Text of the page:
How Americans Lost Their Fervor for Freedom (Review of Louis Menand)Historians in the News
tags: Cold War, book reviews, Hannah Arendt, James Baldwin, civil liberties, intellectual history, cultural history
In America today, the right has a monopoly on the word “freedom.” Conservatives talk about “freedom” at every opportunity, while liberals and leftists do so only with embarrassment, shielded with qualifying clauses. “First they came for our Free Speech, then they came for our Free Markets, next they’ll come for our Free Shipping on orders $50 or more with promo code: FREEDOM50,” Republican Representative Madison Cawthorn of North Carolina tweeted on January 28, 2021. Cawthorn’s tweet—which rewrites Martin Niemöller’s famous denunciation of German quietism in the face of Hitler’s rise as a sales pitch for his official campaign webstore—is a joke, of course: a play on different senses of the word “free.” But it’s a joke only a conservative could make, because it relies on the assumption that freedom, of whatever kind, is a self-evident, and preeminent, good. A moral crusade against fascism, the unrestrained action of capital, promotional shipping for a cotton t-shirt that reads THE REAL VIRUS IS COMMUNISM: All are worth defending, because all are free.
The rhetorical move Cawthorn so blithely executes—conflating different senses of the word “free,” and declaring them all sacrosanct—is one that Americans on both the left and right used to make regularly. This, anyway, is the claim advanced by Louis Menand’s sprawling new cultural history, The Free World: Art and Thought in the Cold War. “Freedom,” Menand remarks in a brief preface, “was the slogan of the times.” In the middle decades of the twentieth century, “the word was invoked to justify everything.” First and foremost, “freedom” was an anti-communist shibboleth: America had free elections, a free press, and free markets, in contrast to the dictatorships, state-controlled media, and planned economies of the Soviet Union. But the word escaped this context easily and often, and when it did, it usually “promised something more, something existential.” “Freedom” was a word to conjure with for both civil rights leaders (Martin Luther King Jr. used it 20 times, and “equality” only once, in his 1963 “I Have a Dream” speech) and white supremacists (George Wallace, speaking earlier in the same year, appealed to “the call of freedom-loving blood” to mobilize Southern whites to defend “segregation forever”). It was beloved by foreign policy realists advocating containment of Soviet communism, French philosophers wrestling with the legacy of the Nazi Occupation, African intellectuals at the fore of the decolonization movement, libertarian economists agitating for economic deregulation, and student radicals demanding the dismantling of the military-industrial complex.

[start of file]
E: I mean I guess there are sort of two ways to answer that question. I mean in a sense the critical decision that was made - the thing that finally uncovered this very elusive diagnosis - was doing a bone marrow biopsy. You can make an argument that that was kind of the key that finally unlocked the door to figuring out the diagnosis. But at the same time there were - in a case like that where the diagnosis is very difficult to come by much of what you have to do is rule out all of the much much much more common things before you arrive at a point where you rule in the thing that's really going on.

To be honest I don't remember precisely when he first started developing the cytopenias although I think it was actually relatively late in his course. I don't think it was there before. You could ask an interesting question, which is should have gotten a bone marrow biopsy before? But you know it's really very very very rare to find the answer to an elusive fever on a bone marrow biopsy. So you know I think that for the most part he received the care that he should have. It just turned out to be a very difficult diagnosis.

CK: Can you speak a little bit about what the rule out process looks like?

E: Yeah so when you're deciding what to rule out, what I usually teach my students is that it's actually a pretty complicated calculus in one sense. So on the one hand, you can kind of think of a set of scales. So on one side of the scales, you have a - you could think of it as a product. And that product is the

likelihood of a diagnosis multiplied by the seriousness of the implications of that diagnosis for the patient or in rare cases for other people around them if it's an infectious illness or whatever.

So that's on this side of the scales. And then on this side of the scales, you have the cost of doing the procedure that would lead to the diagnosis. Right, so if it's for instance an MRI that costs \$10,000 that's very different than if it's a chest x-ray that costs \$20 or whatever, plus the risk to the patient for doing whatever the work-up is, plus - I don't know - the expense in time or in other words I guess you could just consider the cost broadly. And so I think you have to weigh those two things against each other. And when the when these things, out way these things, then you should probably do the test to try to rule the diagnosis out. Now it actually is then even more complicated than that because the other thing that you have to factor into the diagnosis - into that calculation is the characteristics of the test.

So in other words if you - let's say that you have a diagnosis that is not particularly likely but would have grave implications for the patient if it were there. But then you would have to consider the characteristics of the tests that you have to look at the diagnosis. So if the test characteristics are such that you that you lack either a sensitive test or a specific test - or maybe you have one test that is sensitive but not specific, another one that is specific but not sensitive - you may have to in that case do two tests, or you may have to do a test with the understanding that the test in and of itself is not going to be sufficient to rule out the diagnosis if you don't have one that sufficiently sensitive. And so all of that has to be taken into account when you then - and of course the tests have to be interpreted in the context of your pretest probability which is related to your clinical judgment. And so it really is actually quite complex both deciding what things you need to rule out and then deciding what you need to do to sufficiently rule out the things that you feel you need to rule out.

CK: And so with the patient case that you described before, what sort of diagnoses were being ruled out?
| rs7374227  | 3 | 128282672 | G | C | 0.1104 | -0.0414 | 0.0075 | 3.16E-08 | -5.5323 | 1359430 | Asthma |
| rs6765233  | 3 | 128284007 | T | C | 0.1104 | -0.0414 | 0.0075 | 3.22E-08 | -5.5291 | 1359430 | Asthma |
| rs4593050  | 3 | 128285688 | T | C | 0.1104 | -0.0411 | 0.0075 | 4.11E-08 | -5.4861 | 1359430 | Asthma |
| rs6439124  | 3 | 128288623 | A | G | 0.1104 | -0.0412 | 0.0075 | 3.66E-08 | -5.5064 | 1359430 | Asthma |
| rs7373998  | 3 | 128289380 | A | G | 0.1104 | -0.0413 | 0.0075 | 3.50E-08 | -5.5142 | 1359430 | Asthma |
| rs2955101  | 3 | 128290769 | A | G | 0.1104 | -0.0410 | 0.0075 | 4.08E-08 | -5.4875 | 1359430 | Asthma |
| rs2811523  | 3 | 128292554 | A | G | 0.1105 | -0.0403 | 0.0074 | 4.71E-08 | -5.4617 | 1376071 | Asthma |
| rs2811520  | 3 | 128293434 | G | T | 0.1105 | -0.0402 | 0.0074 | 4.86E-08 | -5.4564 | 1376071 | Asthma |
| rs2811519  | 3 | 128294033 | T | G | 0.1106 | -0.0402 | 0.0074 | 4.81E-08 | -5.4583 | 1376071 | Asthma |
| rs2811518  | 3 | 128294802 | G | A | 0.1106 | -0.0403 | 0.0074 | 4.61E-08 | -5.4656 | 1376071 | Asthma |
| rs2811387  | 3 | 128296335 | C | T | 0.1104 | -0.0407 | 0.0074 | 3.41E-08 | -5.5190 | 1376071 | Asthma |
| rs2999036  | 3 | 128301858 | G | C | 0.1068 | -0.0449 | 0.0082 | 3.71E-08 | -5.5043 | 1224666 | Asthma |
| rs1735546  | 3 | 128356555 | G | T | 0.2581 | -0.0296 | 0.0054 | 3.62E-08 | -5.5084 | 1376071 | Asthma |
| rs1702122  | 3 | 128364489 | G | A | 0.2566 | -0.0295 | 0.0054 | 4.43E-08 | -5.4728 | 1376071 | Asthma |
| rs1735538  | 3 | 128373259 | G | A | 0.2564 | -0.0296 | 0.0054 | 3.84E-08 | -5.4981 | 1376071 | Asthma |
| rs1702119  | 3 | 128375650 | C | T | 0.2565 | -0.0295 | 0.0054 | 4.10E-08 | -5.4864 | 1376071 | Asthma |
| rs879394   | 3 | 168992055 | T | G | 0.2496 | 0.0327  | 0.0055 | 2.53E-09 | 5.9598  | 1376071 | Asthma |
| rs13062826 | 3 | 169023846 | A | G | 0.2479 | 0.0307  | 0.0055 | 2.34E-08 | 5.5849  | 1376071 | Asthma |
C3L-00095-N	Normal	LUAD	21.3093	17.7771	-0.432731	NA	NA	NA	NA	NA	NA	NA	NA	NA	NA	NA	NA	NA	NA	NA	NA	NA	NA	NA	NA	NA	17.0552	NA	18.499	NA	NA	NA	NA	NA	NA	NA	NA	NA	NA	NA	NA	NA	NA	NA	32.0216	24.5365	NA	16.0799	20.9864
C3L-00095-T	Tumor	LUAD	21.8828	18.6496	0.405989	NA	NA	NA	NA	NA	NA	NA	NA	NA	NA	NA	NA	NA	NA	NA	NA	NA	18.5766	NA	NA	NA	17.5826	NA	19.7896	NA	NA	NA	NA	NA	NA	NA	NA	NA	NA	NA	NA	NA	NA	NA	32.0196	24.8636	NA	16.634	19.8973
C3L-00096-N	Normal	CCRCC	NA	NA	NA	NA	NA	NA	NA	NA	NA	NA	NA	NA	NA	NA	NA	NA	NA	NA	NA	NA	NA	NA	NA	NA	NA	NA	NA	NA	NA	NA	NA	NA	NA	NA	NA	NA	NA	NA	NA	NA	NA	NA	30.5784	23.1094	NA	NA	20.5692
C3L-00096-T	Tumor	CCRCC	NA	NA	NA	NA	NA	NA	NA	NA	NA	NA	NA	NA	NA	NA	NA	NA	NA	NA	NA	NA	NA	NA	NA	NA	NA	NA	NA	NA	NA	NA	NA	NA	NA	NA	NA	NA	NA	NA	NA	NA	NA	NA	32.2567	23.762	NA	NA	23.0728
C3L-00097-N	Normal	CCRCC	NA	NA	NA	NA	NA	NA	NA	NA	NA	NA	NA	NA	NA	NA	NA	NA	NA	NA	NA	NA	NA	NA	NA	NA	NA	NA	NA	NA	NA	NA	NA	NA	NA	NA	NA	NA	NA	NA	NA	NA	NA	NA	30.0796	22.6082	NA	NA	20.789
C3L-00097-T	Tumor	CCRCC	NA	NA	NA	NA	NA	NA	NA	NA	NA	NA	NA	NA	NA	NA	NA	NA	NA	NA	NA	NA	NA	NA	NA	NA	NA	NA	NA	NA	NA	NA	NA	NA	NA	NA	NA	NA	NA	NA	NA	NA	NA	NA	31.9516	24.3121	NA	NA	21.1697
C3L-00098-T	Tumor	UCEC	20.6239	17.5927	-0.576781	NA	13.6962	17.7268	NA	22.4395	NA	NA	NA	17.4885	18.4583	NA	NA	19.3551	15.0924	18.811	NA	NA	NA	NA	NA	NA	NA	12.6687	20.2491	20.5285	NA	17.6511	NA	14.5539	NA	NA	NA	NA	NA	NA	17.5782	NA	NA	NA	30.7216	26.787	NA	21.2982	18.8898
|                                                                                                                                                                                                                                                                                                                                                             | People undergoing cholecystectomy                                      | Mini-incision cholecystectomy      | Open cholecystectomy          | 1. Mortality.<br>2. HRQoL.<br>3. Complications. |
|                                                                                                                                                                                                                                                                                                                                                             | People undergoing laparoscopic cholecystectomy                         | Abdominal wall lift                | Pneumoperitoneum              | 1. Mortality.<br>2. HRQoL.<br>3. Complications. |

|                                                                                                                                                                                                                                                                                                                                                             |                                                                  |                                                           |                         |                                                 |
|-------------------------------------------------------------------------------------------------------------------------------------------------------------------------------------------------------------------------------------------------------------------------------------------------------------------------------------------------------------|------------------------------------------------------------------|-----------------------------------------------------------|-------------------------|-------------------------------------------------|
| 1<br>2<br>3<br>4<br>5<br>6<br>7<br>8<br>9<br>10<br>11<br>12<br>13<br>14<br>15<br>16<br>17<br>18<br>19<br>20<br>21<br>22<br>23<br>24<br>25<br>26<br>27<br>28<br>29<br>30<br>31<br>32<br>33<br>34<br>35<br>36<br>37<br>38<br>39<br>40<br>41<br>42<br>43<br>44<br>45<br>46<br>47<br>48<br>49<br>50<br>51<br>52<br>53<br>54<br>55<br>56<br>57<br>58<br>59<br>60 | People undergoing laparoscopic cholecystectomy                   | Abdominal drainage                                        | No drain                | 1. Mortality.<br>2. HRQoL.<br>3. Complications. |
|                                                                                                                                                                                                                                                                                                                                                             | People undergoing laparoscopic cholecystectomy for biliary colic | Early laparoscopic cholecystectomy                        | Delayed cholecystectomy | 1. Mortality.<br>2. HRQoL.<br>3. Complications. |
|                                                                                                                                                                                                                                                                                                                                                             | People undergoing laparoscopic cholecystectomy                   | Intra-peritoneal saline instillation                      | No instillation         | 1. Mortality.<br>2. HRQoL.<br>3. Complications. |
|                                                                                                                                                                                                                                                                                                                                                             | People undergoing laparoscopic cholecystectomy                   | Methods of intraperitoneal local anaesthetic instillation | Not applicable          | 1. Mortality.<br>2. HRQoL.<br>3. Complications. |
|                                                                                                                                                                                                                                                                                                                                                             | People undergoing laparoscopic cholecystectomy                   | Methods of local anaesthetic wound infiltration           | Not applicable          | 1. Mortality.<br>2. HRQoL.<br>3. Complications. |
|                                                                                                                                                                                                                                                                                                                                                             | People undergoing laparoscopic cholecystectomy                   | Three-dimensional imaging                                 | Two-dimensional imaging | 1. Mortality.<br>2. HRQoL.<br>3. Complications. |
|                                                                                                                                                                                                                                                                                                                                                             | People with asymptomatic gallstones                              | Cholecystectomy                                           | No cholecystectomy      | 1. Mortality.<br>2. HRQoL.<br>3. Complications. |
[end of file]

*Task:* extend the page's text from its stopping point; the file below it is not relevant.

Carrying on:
In the arts, the idea of freedom was equally powerful. “Art is, always, the sphere of freedom,” Susan Sontag wrote in a 1964 review of Jack Smith’s Flaming Creatures, an experimental film starring drag performers that climaxes with a combination rape-earthquake-orgy sequence. “In those difficult works of art, works which we now call avant-garde, the artist consciously exercises his freedom.” A series of precedent-setting obscenity trials pertaining to controversial works of art—Allen Ginsberg’s Howl in 1957, D.H. Lawrence’s Lady Chatterley’s Lover in 1960, Henry Miller’s Tropic of Cancer in 1964, and Louis Malle’s film Les Amants the same year—redefined the boundaries of artistic liberty. By the end of the ’60s, Menand observes, bestselling American novels by John Updike and Philip Roth “used words and described acts for which their publishers just ten years earlier would have faced jail.” Other artists exercised their freedom in more peculiar ways: John Cage by composing silent music, Robert Rauschenberg by wrapping an automobile tire around the midsection of a stuffed goat, Ornette Coleman by abandoning chord changes and regular meters, Carolee Schneemann by covering her naked body in snakes and raw meat. All of these gestures, however outré or anti-social, could be claimed as part of a common project: the desire to see how free the free world could get.
Menand’s book has been a long time in the making. It is a sequel of sorts to The Metaphysical Club, his 2001 Pulitzer Prize–winning history of American pragmatism; some of the material in it dates from as far back as the Clinton administration. He’s been writing it, in other words, over the course of the same period that the types of intellectuals Menand is most interested in—artists, writers, and philosophers of a liberal or left-leaning persuasion—lost interest, and faith, in “freedom.” In his preface, he describes the book as a reckoning with a concept he’s not sure he believes in anymore. “If you asked me when I was growing up what the most important good in life was, I would have said ‘freedom,’” he writes. “As I got older, I started to wonder just what freedom is, or what it can realistically mean.” The unvoiced answer that haunts the book is that it might not mean anything at all.
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